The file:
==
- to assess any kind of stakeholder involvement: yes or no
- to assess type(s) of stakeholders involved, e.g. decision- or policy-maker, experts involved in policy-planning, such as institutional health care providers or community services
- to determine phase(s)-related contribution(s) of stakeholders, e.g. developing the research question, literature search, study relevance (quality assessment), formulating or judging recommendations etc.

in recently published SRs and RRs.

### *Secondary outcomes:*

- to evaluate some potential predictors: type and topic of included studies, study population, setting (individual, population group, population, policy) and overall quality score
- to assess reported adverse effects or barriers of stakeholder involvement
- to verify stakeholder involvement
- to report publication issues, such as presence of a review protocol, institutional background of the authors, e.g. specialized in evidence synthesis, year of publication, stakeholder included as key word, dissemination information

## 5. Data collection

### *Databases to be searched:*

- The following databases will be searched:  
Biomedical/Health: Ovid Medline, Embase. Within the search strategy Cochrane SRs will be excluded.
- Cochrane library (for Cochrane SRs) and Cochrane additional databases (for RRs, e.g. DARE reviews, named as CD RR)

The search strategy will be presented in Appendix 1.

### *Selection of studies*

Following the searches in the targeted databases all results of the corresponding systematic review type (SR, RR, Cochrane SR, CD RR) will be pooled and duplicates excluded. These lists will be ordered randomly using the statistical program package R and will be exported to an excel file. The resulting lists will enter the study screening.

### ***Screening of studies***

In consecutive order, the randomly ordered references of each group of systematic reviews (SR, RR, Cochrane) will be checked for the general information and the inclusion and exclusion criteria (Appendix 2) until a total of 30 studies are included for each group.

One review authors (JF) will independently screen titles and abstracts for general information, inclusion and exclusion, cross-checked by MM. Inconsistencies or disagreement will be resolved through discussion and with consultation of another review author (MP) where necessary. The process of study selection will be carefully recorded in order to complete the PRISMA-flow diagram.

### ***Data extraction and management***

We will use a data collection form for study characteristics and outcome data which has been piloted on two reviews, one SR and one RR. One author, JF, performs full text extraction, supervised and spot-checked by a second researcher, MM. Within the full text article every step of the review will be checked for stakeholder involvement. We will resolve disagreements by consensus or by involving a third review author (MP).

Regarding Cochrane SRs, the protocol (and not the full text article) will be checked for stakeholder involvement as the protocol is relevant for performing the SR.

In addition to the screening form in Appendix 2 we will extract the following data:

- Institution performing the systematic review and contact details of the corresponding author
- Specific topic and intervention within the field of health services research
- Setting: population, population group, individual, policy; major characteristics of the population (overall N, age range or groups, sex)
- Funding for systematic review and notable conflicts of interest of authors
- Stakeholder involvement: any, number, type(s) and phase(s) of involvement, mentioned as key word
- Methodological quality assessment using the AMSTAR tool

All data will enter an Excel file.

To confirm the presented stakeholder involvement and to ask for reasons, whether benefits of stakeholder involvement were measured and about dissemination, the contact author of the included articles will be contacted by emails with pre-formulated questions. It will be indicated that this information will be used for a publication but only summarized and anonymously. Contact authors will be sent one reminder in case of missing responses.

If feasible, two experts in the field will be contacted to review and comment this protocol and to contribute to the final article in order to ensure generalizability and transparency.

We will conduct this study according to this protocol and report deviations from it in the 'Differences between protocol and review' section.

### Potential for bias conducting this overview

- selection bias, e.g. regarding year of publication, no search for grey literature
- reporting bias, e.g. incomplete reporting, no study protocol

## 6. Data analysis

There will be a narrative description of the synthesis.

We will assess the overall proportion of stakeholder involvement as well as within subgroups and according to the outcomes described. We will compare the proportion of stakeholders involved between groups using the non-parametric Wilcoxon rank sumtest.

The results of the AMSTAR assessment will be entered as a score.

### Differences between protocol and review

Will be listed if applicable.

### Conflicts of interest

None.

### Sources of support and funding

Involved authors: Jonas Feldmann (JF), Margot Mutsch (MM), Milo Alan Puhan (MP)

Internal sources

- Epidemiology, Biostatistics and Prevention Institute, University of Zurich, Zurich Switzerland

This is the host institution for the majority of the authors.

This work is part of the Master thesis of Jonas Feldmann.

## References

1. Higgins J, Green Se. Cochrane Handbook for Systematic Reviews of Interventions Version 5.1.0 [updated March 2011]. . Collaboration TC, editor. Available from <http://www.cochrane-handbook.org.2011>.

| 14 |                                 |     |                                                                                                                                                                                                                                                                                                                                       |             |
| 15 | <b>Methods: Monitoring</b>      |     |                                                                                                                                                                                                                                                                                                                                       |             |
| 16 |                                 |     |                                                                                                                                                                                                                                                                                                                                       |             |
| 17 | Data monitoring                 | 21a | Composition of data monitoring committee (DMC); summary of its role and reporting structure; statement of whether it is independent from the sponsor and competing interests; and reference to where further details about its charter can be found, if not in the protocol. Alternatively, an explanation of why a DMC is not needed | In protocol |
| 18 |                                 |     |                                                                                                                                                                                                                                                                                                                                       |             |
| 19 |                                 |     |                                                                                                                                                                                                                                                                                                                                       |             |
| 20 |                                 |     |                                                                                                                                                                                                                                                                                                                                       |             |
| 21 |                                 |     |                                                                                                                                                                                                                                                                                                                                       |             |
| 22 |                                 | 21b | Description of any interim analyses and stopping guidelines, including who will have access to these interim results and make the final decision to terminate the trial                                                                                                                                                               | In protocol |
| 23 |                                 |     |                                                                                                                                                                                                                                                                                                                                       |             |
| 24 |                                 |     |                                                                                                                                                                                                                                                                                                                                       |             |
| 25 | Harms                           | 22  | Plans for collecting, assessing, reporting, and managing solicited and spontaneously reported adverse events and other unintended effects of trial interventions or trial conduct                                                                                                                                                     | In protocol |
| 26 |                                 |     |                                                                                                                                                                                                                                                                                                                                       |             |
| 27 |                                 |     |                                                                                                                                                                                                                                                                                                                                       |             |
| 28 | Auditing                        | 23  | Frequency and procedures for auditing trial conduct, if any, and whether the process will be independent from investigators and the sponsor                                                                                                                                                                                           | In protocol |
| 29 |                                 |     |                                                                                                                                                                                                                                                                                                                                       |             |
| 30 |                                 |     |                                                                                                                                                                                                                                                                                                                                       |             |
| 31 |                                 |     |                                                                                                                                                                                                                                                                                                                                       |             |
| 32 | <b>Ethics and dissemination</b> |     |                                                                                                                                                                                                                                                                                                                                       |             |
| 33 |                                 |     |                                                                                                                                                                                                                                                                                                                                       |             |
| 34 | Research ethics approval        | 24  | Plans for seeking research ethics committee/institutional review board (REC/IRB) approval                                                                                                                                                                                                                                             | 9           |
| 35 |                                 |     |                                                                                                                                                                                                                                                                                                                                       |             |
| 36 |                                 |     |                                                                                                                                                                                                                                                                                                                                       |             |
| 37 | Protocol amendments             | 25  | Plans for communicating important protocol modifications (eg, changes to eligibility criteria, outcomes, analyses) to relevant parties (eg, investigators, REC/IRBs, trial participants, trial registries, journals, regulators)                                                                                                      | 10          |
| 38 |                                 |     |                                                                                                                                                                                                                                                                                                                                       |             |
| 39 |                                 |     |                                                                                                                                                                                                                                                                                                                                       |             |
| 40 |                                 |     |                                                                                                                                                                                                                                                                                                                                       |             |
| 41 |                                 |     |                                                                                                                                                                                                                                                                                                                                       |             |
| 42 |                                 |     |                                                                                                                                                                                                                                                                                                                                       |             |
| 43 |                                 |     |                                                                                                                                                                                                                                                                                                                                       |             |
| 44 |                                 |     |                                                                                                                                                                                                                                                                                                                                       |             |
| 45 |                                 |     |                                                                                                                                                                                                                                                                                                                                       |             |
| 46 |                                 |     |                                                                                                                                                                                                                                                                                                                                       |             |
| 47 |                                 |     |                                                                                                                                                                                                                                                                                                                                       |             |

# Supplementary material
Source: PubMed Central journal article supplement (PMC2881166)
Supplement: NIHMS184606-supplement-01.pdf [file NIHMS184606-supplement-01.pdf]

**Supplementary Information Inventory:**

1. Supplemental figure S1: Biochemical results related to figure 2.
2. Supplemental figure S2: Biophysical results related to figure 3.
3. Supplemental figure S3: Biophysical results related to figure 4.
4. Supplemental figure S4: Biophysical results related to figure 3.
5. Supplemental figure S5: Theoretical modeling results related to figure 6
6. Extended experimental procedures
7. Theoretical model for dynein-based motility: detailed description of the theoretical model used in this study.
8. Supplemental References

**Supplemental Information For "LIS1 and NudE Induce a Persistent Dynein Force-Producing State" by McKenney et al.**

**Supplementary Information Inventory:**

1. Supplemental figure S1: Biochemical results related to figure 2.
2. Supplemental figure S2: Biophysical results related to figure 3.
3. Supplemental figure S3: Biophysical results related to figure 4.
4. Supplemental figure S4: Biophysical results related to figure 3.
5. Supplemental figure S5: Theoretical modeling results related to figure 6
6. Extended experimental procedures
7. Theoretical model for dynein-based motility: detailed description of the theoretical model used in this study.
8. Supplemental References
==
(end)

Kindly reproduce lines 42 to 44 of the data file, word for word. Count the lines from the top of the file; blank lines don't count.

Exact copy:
### Differences between protocol and review

Will be listed if applicable.

### Conflicts of interest